Christmas Music

On iTunes I have 476 tracks identified as Christmas music. I’ve created a playlist with them that automatically drops a track off after it’s been played. At this writing I have all 476 left to hear this year.

The types of music vary widely from Classical to Country, Jazz and New Age, but include of course the usual standards of which I suppose Bing Crosby’s “White Christmas” is the archetype. (Of the 476 tracks, 12 are in fact versions of “White Christmas” including two copies of Bing.)

I have a lot of favorites. I grew up in Catholic schools, so am nostalgic when I hear the carols, and have several albums of guitar covers by artists like John Fahey and Eric Williams. I particularly like Christmas in Santa Fe by Ruben Romero & Robert Notkoff, Winter Dreams by R. Carlos Nakai & William Eaton and Navidad Cubana by Cuba L.A. — it gets you dancing around the old árbol de Navidad.

And no collection is complete without Vince Guaraldi’s A Charlie Brown Christmas.

But when it comes down to it, this may be my favorite. It’s an OK video but the point is to enjoy Clyde McPhatter tenor and Bill Pinkney’s bass.

Updated and reposted from years past.


Farolitos

Those bags with sand and candles that are a New Mexico Christmas Eve tradition; the correct name for them is farolitos.

Often farolitos are called luminarias. Lumanarias traditionally were actually small bonfires.

Farolitos (literally “little lanterns”) replaced lumanarias (“altar lamps”) as towns became more densely populated. The purpose of both was to light the path to midnight mass.

Farolitos are the coolest Christmas decoration ever, especially when whole neighborhoods line their sidewalks, driveways and even roof-lines with them. (Electric versions are common and can be found throughout the season. The real deal are candles and displayed only on Christmas Eve.)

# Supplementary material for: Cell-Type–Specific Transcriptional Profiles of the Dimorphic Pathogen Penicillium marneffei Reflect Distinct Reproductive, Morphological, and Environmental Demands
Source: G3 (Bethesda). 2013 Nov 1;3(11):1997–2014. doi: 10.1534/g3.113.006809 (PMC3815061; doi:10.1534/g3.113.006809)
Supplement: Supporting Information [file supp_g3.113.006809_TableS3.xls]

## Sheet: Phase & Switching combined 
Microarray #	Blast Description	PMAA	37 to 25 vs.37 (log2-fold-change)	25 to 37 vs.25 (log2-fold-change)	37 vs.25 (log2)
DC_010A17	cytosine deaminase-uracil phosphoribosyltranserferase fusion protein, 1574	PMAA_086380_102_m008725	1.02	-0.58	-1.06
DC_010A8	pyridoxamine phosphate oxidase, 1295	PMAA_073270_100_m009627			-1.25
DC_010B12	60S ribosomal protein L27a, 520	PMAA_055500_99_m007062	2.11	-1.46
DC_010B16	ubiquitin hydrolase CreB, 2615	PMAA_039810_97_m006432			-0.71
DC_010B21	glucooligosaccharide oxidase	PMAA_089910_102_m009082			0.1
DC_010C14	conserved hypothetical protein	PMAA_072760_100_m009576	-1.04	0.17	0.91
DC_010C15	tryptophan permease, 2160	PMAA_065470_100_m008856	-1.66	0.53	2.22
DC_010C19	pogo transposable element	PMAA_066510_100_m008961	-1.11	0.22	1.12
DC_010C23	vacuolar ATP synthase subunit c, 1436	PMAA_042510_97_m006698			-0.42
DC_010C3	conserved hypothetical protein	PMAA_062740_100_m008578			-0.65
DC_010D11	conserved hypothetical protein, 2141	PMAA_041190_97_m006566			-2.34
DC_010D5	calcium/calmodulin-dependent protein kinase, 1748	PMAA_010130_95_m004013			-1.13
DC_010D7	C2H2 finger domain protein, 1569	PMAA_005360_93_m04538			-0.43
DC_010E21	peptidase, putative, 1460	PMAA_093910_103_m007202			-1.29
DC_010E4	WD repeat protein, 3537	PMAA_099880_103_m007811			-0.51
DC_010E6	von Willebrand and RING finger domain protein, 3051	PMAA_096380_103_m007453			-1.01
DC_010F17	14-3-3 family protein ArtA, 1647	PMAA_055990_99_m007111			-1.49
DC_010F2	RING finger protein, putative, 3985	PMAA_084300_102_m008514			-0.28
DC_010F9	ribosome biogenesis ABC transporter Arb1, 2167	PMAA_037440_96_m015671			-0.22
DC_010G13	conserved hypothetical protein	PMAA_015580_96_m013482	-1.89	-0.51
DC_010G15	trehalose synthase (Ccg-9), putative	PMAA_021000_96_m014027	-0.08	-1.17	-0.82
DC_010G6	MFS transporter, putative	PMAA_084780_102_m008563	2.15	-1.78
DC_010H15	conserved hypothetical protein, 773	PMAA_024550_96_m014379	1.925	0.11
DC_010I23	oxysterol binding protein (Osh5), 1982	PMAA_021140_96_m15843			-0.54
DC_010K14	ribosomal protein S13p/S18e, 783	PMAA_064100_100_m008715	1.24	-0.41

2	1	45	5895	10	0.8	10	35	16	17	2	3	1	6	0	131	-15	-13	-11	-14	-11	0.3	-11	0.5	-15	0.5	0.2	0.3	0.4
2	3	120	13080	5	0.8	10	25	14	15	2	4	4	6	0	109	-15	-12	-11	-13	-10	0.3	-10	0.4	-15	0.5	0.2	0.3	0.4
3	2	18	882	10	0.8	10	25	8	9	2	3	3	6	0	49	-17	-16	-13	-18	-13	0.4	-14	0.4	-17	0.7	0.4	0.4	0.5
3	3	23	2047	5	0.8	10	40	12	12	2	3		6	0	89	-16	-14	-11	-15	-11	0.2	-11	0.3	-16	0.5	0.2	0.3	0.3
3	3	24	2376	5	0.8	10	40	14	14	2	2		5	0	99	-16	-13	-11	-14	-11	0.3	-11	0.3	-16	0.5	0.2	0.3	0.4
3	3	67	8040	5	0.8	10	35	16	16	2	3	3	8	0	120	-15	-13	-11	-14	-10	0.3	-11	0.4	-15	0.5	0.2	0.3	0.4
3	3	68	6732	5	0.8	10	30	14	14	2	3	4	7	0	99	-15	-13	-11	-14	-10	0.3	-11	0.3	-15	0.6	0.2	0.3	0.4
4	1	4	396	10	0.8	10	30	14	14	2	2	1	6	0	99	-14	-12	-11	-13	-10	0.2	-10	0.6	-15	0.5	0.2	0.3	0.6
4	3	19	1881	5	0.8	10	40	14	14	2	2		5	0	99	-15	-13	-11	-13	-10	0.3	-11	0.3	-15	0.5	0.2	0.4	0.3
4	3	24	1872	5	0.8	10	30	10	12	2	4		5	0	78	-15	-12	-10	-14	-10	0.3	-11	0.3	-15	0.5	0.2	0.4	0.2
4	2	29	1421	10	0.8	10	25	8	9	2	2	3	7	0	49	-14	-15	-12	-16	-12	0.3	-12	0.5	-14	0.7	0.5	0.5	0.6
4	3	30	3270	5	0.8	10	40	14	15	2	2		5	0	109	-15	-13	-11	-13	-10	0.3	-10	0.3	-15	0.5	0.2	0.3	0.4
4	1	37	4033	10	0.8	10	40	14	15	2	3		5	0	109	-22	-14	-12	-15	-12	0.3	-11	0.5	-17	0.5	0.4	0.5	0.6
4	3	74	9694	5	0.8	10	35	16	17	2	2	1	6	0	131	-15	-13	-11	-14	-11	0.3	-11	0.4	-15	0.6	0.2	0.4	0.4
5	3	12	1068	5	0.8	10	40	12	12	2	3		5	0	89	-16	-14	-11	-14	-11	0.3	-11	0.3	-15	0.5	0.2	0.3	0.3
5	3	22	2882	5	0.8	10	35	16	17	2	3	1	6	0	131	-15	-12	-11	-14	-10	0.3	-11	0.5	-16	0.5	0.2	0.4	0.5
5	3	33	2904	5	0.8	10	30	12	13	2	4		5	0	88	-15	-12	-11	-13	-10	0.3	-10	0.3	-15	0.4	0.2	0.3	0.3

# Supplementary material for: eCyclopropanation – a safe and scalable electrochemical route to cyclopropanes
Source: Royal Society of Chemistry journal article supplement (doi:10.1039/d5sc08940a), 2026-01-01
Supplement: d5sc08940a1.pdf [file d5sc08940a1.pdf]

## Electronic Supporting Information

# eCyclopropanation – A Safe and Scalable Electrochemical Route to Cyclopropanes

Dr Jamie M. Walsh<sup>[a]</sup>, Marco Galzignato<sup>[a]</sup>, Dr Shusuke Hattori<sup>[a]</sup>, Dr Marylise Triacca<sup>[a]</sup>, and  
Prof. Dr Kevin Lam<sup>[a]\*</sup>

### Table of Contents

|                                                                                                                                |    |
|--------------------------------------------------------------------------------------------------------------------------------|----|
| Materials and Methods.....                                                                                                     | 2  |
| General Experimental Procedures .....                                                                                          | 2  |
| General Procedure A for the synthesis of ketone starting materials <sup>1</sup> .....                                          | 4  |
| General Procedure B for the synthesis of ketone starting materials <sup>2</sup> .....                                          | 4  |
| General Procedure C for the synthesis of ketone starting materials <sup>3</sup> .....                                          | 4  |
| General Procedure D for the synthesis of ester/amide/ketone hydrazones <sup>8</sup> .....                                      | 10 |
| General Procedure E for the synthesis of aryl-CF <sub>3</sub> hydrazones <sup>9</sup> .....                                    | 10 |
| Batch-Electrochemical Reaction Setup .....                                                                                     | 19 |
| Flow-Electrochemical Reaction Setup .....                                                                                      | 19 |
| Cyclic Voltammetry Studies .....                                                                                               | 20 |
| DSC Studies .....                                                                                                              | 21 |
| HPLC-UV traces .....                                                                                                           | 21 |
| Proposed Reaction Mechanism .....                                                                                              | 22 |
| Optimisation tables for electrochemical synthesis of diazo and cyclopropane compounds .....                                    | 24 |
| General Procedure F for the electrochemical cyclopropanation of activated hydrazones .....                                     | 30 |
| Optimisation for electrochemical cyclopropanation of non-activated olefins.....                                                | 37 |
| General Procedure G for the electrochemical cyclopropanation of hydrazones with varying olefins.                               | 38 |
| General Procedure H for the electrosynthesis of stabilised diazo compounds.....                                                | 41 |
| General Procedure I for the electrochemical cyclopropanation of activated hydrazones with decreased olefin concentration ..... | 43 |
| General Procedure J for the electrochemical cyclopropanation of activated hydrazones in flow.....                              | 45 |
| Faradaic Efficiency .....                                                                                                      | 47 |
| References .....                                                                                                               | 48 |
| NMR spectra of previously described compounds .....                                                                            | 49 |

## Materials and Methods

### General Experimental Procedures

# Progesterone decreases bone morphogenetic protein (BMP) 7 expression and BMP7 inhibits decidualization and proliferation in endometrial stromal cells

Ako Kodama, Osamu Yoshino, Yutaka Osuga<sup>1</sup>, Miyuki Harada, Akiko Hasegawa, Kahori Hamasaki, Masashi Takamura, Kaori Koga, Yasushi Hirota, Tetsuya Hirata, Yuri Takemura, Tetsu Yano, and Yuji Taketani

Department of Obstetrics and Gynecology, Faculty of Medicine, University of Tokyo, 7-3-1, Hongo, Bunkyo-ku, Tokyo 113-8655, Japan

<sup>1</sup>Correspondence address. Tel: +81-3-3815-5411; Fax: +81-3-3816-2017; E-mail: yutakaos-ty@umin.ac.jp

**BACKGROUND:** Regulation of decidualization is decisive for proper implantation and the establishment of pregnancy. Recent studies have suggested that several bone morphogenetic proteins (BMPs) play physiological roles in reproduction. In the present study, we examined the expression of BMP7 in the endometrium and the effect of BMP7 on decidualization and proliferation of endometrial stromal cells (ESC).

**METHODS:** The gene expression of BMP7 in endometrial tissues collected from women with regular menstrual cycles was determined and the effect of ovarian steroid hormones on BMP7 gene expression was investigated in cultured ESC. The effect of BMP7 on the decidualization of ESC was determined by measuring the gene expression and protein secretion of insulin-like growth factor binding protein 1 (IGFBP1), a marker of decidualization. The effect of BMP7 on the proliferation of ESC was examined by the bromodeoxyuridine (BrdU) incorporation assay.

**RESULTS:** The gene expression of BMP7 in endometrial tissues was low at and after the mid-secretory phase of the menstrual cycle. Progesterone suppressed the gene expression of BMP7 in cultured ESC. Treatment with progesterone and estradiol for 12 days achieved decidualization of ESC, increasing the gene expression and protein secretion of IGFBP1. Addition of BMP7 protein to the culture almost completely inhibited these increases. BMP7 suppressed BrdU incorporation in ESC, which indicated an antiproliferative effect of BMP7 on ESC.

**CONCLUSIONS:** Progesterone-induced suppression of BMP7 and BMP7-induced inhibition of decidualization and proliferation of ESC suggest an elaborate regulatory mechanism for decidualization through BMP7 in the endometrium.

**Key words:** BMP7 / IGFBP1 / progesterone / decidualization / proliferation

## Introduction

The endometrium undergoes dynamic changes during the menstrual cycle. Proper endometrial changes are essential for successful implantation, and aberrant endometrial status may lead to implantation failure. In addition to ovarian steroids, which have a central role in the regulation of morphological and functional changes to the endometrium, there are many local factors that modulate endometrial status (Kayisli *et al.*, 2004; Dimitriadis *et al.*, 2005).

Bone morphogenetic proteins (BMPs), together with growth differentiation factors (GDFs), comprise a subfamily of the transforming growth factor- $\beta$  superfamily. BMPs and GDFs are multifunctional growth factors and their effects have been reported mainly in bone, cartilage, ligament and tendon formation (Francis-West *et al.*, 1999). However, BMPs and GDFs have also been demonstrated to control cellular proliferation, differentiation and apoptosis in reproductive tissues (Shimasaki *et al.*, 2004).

Buy some sand (for ballast), some votive candles and some lunch bags and bring a beautiful New Mexico Christmas Eve tradition to your neighborhood this year. Get your neighbors to join you. You could become famous if it’s never been done in your area. And the kids love it.


Thinking About Columbus Day

I am well aware of the feelings among many American Indians about Columbus Day. One Lakota woman who worked for me used to ask if she could come in and work on Columbus Day, a federal holiday.

My feeling though is that we can’t have enough holidays and so I choose to think of Columbus Day as the Italian-American holiday. Nothing wrong with that. We have an African-American holiday on Martin Luther King Jr.’s birthday. We have the Irish-American celebration that is St. Patrick’s Day. And Cinco de Mayo is surely the Mexican-American holiday, a much larger celebration here than in most of Mexico.

So, instead of protesting Columbus Day, perhaps American Indians should organize and bring about a holiday of their very own. Given the great diversity among Indian nations (and, lets face it, a proclivity for endless debate), the tribes might never reach agreement, though, so I will suggest a date.

The day before Columbus Day.


Decoration Day

In 1868, Commander in Chief John A. Logan of the Grand Army of the Republic issued General Order Number 11 designating May 30 as a memorial day “for the purpose of strewing with flowers or otherwise decorating the graves of comrades who died in defense of their country during the late rebellion, and whose bodies now lie in almost every city, village, and hamlet churchyard in the land.”

The first national celebration of the holiday took place May 30, 1868, at Arlington National Cemetery, where both Confederate and Union soldiers were buried. Originally known as Decoration Day, at the turn of the century it was designated as Memorial Day. In many American towns, the day is celebrated with a parade.

In 1971, federal law changed the observance of the holiday to the last Monday in May and extended the honor to all soldiers who died in American wars. A few states continue to celebrate Memorial Day on May 30.

Library of Congress